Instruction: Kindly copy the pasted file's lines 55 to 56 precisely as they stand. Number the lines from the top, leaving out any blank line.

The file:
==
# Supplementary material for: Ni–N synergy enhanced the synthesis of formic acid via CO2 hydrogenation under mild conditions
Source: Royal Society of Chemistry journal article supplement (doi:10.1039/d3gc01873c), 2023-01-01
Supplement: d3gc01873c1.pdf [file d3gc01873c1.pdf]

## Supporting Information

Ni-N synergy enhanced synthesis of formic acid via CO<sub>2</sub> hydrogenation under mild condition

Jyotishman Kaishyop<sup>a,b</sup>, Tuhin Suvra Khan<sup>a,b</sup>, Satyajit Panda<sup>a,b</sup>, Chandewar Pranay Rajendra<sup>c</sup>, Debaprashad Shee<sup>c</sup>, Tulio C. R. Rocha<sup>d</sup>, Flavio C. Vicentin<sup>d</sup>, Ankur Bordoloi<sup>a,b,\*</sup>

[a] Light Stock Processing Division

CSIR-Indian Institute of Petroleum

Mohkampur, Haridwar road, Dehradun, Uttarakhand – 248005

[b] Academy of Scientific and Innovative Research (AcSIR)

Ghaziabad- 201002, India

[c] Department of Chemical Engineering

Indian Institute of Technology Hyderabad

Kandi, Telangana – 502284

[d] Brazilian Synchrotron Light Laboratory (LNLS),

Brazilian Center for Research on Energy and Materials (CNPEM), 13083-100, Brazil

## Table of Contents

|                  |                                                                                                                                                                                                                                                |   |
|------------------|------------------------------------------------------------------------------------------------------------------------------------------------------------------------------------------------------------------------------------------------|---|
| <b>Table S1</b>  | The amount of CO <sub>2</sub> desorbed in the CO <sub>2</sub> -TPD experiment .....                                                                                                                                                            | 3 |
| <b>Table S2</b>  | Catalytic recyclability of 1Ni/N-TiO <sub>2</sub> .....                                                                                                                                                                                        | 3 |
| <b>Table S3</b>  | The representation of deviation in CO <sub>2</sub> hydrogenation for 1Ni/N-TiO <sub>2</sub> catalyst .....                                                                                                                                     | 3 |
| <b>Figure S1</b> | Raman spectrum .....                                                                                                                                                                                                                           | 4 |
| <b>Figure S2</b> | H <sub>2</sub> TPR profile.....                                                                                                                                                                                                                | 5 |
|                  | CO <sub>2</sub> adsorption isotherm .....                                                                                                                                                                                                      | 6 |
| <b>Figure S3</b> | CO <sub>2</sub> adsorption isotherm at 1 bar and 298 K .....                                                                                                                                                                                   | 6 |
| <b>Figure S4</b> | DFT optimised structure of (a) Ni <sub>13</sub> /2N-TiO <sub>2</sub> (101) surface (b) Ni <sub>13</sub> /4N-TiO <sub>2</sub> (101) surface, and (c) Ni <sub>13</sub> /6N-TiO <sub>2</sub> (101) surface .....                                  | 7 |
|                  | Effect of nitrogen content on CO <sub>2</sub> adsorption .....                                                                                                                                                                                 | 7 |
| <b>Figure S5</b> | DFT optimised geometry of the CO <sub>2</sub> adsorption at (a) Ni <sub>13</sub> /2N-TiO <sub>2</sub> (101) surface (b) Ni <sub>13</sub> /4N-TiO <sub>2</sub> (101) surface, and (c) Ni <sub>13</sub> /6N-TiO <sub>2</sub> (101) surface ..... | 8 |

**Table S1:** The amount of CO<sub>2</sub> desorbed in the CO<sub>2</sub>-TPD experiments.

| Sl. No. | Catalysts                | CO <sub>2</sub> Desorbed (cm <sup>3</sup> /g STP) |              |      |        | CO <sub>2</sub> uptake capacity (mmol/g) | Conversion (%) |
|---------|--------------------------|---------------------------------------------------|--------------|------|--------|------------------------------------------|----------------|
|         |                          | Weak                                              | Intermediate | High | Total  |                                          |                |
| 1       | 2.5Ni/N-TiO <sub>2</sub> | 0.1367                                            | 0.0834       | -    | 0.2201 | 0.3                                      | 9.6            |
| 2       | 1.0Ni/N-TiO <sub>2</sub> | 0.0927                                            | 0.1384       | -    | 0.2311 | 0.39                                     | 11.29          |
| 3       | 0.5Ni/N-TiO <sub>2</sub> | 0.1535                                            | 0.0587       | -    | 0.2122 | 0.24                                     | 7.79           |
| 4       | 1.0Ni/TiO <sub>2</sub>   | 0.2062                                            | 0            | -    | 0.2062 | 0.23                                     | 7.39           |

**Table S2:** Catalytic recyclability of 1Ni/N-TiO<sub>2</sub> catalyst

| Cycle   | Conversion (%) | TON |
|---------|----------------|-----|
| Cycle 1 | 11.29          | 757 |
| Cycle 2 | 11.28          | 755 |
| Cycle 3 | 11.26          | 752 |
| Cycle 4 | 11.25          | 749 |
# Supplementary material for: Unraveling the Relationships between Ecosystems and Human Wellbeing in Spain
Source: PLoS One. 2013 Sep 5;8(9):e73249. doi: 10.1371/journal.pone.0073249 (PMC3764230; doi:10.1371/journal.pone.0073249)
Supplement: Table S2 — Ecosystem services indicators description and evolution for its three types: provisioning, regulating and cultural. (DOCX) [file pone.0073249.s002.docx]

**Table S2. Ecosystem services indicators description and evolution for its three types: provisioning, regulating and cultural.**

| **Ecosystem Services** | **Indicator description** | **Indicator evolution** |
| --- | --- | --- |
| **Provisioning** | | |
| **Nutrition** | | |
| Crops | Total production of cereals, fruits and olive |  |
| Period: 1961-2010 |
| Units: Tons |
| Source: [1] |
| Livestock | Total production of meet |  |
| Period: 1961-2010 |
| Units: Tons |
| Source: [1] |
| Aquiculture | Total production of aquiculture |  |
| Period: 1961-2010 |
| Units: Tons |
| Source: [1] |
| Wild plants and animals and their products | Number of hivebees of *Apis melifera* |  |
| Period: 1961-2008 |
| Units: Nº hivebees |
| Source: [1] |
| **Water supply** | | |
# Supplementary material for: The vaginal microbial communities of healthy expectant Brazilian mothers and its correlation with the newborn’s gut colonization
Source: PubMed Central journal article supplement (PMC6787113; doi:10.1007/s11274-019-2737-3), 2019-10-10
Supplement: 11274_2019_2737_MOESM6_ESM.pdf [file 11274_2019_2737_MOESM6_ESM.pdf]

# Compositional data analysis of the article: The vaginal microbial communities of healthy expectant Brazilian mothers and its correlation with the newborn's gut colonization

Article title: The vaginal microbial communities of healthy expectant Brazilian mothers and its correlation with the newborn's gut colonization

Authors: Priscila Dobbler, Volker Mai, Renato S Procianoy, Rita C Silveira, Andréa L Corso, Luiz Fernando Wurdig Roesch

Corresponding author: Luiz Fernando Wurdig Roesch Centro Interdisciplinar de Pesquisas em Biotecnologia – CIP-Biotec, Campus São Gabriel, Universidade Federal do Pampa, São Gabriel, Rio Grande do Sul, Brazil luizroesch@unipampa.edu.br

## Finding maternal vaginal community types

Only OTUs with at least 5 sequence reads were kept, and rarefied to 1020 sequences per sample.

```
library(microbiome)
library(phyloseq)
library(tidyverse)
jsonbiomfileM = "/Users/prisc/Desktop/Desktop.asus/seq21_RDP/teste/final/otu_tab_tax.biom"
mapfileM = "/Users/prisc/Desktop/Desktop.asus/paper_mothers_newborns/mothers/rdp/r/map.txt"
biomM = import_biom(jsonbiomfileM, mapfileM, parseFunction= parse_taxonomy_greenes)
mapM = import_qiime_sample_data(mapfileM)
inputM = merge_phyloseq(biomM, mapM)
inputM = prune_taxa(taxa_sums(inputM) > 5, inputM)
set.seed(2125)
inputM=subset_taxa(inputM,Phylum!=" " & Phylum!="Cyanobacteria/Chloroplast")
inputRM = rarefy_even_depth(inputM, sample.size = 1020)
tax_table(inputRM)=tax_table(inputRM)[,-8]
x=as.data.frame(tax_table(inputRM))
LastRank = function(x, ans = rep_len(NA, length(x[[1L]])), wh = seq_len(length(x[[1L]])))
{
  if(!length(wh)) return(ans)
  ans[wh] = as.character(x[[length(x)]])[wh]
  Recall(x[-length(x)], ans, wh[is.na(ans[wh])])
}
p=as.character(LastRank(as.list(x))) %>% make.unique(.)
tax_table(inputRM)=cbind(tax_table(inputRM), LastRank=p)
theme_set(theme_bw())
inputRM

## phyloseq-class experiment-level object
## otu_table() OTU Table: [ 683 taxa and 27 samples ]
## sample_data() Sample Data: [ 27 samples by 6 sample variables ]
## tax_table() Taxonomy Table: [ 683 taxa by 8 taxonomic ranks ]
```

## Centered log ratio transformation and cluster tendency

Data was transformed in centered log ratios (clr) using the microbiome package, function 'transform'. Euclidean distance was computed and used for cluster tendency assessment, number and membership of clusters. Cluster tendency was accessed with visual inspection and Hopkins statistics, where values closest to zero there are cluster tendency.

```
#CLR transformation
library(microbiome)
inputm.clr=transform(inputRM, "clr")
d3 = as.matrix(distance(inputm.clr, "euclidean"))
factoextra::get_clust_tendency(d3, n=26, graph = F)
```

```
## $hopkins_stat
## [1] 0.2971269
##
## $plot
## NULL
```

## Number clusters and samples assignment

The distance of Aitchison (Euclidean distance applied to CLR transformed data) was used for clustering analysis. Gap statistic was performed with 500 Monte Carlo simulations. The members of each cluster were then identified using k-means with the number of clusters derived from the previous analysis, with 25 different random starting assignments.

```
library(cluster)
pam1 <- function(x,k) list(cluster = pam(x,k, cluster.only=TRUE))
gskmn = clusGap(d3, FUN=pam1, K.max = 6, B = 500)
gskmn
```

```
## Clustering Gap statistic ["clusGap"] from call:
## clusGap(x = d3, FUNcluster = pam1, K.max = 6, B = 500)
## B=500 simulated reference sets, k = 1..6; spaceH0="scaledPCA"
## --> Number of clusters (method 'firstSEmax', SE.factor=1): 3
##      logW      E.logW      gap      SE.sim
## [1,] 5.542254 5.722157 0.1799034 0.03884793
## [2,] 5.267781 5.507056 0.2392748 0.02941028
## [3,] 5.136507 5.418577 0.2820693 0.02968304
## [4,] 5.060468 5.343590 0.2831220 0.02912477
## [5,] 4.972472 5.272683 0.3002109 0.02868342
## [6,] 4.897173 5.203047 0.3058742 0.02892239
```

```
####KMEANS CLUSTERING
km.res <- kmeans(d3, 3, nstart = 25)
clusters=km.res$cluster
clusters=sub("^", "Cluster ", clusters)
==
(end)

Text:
| Units: Tons |
| Source: [1] |